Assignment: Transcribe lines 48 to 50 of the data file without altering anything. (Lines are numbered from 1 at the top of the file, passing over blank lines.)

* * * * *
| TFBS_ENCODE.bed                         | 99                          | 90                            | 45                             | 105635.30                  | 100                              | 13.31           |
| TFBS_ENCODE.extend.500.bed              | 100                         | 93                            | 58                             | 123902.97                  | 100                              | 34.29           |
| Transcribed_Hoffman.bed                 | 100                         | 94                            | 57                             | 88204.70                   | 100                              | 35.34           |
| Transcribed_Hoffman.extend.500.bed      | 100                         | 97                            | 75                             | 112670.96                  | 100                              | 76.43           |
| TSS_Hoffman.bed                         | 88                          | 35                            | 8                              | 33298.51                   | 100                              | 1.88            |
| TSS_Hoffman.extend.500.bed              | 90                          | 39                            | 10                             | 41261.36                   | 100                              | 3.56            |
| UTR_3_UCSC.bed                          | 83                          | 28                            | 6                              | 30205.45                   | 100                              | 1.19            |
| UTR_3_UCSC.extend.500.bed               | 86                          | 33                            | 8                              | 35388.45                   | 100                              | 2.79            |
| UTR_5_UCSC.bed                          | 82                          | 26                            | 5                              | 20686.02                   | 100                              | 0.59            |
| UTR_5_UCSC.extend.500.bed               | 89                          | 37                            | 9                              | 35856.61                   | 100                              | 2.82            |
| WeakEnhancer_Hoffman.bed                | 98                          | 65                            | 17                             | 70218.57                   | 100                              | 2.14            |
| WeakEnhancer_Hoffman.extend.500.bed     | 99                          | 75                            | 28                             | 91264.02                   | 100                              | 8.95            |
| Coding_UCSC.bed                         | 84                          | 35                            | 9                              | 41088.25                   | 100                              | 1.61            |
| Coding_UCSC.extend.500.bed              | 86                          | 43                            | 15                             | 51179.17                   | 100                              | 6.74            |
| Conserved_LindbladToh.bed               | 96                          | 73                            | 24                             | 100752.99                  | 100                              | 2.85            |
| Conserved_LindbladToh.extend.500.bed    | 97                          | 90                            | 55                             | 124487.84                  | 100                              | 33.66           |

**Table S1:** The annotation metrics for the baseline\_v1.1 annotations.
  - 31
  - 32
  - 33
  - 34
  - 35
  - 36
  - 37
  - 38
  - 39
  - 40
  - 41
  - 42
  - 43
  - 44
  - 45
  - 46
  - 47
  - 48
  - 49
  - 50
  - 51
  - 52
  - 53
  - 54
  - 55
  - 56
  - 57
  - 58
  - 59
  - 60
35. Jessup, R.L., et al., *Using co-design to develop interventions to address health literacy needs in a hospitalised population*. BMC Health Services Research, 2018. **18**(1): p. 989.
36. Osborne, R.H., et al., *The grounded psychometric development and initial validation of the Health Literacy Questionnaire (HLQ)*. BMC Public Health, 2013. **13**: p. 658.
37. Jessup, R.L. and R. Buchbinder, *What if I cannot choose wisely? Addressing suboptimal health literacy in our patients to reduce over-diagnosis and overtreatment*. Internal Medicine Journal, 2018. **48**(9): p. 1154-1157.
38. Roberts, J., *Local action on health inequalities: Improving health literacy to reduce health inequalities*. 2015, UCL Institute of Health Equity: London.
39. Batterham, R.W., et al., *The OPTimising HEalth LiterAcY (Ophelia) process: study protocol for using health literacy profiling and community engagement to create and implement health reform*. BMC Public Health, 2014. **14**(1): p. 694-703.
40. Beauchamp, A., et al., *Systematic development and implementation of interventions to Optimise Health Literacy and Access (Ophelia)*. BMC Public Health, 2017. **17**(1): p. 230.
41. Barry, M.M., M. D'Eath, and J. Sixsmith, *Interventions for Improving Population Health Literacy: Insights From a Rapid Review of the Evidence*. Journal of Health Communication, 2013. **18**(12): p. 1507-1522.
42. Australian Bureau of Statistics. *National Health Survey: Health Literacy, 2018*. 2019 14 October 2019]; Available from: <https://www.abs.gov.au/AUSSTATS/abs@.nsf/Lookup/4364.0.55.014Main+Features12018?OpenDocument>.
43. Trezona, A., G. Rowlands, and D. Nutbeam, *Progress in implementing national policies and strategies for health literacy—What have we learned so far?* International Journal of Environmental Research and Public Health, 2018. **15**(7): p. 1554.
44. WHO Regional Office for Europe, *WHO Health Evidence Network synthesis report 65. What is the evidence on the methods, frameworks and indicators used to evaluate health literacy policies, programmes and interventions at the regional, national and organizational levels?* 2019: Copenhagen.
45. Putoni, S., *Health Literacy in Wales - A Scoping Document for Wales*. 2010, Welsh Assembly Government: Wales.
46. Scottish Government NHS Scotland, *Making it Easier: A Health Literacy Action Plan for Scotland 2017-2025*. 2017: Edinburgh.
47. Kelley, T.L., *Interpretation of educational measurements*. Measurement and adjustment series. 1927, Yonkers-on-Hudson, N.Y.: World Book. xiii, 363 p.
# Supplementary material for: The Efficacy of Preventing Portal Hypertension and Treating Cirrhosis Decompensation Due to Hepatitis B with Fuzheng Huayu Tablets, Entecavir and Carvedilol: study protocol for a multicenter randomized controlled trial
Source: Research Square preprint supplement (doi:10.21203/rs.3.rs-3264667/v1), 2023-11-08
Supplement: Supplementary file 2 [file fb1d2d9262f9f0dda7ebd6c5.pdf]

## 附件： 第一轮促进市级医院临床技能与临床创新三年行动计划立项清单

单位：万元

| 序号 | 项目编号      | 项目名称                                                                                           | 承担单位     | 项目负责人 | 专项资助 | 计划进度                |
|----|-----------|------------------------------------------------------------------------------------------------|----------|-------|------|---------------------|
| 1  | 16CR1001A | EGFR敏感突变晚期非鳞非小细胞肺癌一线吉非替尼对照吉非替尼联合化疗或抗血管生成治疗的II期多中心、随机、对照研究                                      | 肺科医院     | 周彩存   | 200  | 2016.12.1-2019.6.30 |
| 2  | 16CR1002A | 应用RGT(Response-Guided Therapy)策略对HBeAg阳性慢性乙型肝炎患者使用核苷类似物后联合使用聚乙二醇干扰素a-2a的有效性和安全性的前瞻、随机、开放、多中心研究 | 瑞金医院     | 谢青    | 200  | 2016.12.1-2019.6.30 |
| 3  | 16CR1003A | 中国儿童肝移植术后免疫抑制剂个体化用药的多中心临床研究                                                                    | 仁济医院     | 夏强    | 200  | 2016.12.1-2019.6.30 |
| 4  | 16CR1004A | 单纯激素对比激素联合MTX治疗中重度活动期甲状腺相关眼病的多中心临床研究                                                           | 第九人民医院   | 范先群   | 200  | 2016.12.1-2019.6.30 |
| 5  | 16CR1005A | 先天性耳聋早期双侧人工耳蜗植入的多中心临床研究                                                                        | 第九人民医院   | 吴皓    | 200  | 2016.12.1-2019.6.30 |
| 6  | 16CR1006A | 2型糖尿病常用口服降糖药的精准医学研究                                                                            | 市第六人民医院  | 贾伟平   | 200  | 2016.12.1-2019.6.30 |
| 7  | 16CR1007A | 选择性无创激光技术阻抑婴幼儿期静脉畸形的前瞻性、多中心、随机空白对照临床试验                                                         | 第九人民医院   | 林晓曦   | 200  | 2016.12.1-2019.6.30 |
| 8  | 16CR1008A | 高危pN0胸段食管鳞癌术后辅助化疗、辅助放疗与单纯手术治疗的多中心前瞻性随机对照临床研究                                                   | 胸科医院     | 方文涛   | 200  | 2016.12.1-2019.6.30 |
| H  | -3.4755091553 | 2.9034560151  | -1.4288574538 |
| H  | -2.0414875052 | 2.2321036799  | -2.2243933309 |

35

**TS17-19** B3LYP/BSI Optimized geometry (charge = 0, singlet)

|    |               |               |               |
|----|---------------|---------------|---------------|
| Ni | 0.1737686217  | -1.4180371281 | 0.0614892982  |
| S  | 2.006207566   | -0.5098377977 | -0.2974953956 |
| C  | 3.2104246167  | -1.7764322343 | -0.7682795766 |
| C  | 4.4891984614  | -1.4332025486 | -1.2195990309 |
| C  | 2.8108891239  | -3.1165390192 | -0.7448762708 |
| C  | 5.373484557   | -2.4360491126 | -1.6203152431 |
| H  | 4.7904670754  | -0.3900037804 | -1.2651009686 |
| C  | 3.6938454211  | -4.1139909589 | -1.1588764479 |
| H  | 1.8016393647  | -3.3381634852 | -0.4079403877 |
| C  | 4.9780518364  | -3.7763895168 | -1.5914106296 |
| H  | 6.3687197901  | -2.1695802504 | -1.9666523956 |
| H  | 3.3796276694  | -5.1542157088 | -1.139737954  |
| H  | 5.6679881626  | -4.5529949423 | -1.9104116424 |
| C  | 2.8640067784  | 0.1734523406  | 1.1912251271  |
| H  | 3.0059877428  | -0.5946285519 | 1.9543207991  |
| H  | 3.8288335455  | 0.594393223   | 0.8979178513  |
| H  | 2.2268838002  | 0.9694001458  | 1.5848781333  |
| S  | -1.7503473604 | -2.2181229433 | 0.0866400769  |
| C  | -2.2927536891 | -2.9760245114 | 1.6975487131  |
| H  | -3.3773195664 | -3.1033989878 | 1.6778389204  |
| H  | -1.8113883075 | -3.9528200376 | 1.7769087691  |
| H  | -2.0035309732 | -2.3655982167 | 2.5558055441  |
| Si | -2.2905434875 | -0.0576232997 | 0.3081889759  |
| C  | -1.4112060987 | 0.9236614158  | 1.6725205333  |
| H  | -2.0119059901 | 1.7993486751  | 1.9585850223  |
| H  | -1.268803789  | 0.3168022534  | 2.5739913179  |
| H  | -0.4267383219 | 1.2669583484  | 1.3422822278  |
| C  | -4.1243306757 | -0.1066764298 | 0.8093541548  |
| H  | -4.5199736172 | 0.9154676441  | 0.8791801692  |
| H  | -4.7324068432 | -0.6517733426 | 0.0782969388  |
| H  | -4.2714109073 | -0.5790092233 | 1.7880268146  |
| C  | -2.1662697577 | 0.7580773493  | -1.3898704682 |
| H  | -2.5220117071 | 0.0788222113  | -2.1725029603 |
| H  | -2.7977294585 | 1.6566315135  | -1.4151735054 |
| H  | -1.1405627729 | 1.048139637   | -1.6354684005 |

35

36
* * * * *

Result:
35. Jessup, R.L., et al., *Using co-design to develop interventions to address health literacy needs in a hospitalised population*. BMC Health Services Research, 2018. **18**(1): p. 989.
36. Osborne, R.H., et al., *The grounded psychometric development and initial validation of the Health Literacy Questionnaire (HLQ)*. BMC Public Health, 2013. **13**: p. 658.
37. Jessup, R.L. and R. Buchbinder, *What if I cannot choose wisely? Addressing suboptimal health literacy in our patients to reduce over-diagnosis and overtreatment*. Internal Medicine Journal, 2018. **48**(9): p. 1154-1157.